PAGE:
The Vatican has officially recognised Palestine as a state in a new treaty.
The document, which has angered Israel, addresses how the Catholic Church operates in Palestinian territory and changes its diplomatic recognition from the Palestine Liberation Organisation to the state of Palestine.
The Vatican had already been officially referring to Palestine as a state for at least a year - following the Pope's visit to the Holy Land - but the treaty is the first legal document to be negotiated between the two.
Vatican spokesman, the Rev. Federico Lombardi, said of the treaty: "Yes, it's a recognition that the state exists."
The Israeli foreign ministry said it was "disappointed" by the decision.
"This move does not promote the peace process and distances the Palestinian leadership from returning to direct and bilateral negotiations," it told the Associated Press.
It comes after the Vatican praised the UN General Assembly for recognising Palestine as a state in 2012.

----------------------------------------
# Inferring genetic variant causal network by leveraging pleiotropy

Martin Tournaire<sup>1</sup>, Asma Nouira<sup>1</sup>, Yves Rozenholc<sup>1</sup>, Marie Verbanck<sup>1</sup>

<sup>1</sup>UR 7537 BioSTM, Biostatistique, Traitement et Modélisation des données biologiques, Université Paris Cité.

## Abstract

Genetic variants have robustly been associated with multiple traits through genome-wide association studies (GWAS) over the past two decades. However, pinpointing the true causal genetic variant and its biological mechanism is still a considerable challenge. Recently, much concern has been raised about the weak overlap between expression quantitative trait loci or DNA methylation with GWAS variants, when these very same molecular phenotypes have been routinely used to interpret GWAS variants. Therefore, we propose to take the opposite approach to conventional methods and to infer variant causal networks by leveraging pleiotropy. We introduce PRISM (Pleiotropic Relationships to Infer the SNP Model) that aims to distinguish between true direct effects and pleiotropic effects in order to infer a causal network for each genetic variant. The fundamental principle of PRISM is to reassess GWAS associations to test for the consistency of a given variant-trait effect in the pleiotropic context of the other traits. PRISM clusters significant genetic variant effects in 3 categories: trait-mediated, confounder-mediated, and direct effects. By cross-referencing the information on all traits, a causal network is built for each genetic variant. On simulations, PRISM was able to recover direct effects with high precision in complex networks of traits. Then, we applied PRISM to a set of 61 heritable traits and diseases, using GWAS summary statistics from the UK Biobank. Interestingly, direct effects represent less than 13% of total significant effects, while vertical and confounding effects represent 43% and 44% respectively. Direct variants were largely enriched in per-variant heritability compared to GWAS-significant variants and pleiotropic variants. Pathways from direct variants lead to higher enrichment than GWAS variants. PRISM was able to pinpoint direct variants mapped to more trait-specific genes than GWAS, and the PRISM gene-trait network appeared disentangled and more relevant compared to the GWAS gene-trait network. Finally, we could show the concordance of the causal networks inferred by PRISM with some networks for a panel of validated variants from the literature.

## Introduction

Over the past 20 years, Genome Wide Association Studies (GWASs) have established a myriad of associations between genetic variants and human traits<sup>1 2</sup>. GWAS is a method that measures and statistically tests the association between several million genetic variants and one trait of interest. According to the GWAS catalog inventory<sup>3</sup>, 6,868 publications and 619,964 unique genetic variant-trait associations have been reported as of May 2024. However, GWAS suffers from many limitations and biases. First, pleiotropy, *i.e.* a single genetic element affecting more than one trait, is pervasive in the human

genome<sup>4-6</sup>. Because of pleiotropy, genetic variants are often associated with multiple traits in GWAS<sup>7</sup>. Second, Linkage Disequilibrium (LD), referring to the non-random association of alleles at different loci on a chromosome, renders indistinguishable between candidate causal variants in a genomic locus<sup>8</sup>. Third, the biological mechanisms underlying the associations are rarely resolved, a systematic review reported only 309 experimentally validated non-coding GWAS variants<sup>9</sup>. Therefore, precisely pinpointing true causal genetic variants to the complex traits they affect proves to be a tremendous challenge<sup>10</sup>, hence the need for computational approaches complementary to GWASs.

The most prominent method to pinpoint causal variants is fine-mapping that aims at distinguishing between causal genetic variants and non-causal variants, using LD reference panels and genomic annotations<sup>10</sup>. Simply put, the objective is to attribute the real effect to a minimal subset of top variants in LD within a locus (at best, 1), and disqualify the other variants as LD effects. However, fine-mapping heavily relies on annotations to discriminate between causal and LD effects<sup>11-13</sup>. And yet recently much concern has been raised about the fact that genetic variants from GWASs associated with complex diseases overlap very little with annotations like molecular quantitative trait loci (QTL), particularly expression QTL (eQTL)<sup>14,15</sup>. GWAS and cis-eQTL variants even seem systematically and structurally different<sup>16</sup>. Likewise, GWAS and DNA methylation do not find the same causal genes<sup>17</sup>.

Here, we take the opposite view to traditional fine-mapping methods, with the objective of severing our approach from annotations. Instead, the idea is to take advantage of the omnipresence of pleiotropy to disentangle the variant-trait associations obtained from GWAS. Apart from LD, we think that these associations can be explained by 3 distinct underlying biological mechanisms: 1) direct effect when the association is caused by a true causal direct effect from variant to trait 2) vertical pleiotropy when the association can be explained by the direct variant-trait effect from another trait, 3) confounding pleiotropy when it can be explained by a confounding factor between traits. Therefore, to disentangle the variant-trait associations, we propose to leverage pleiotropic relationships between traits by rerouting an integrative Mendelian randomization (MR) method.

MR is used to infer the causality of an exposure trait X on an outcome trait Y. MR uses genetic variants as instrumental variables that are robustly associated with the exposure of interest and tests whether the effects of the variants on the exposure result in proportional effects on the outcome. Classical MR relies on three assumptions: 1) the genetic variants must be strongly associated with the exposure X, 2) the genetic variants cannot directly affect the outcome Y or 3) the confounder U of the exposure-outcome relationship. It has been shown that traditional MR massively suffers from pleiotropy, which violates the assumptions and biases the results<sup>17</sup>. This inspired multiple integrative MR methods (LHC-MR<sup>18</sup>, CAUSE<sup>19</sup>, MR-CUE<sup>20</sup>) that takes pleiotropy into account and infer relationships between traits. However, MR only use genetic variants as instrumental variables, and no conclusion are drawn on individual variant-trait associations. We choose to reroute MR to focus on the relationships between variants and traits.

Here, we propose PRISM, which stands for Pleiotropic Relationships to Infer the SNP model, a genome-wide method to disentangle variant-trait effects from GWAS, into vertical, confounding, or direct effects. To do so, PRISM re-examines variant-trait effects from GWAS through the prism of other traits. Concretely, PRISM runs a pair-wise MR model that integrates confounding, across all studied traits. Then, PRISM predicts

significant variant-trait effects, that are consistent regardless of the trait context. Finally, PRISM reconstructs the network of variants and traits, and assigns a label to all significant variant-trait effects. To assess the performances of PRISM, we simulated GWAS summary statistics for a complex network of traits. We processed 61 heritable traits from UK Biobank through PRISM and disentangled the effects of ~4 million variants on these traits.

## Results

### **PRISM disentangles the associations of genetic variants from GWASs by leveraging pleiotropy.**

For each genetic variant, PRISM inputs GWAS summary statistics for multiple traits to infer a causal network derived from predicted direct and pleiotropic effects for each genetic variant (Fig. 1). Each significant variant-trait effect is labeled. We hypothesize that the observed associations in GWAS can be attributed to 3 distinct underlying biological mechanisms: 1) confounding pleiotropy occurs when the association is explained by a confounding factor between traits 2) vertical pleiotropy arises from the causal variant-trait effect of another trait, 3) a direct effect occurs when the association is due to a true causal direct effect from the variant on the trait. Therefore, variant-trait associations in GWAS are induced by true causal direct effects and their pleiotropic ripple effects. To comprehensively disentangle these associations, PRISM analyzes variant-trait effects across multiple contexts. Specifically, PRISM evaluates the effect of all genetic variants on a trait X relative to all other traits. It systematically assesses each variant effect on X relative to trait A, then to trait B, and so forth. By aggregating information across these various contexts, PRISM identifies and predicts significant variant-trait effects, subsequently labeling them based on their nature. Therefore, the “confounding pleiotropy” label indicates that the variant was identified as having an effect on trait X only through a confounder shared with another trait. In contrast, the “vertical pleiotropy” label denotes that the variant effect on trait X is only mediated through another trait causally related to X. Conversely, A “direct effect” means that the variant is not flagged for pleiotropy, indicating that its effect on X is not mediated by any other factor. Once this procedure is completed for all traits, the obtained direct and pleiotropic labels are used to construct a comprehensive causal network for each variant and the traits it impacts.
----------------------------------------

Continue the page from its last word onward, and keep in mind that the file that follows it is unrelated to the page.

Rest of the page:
However, the US and Israel argue that such a move undermines Washington-led efforts to negotiate the terms of Palestinian statehood.
Nabil Shaath, Abbas' senior aide to Palestinian President Mahmoud Abbas, said: "This is a very important recognition as the Vatican has a very important political status that stems from its spiritual status.
"We expect more EU countries to follow."
However, the Vatican and the Holy See have downplayed the development, with the foreign minister of the former, Monsignor Antoine Camilleri, saying the shift was in line with the latter's position.
In turn, the Holy See said its 2012 press statement welcoming the UN vote amounted to official recognition.
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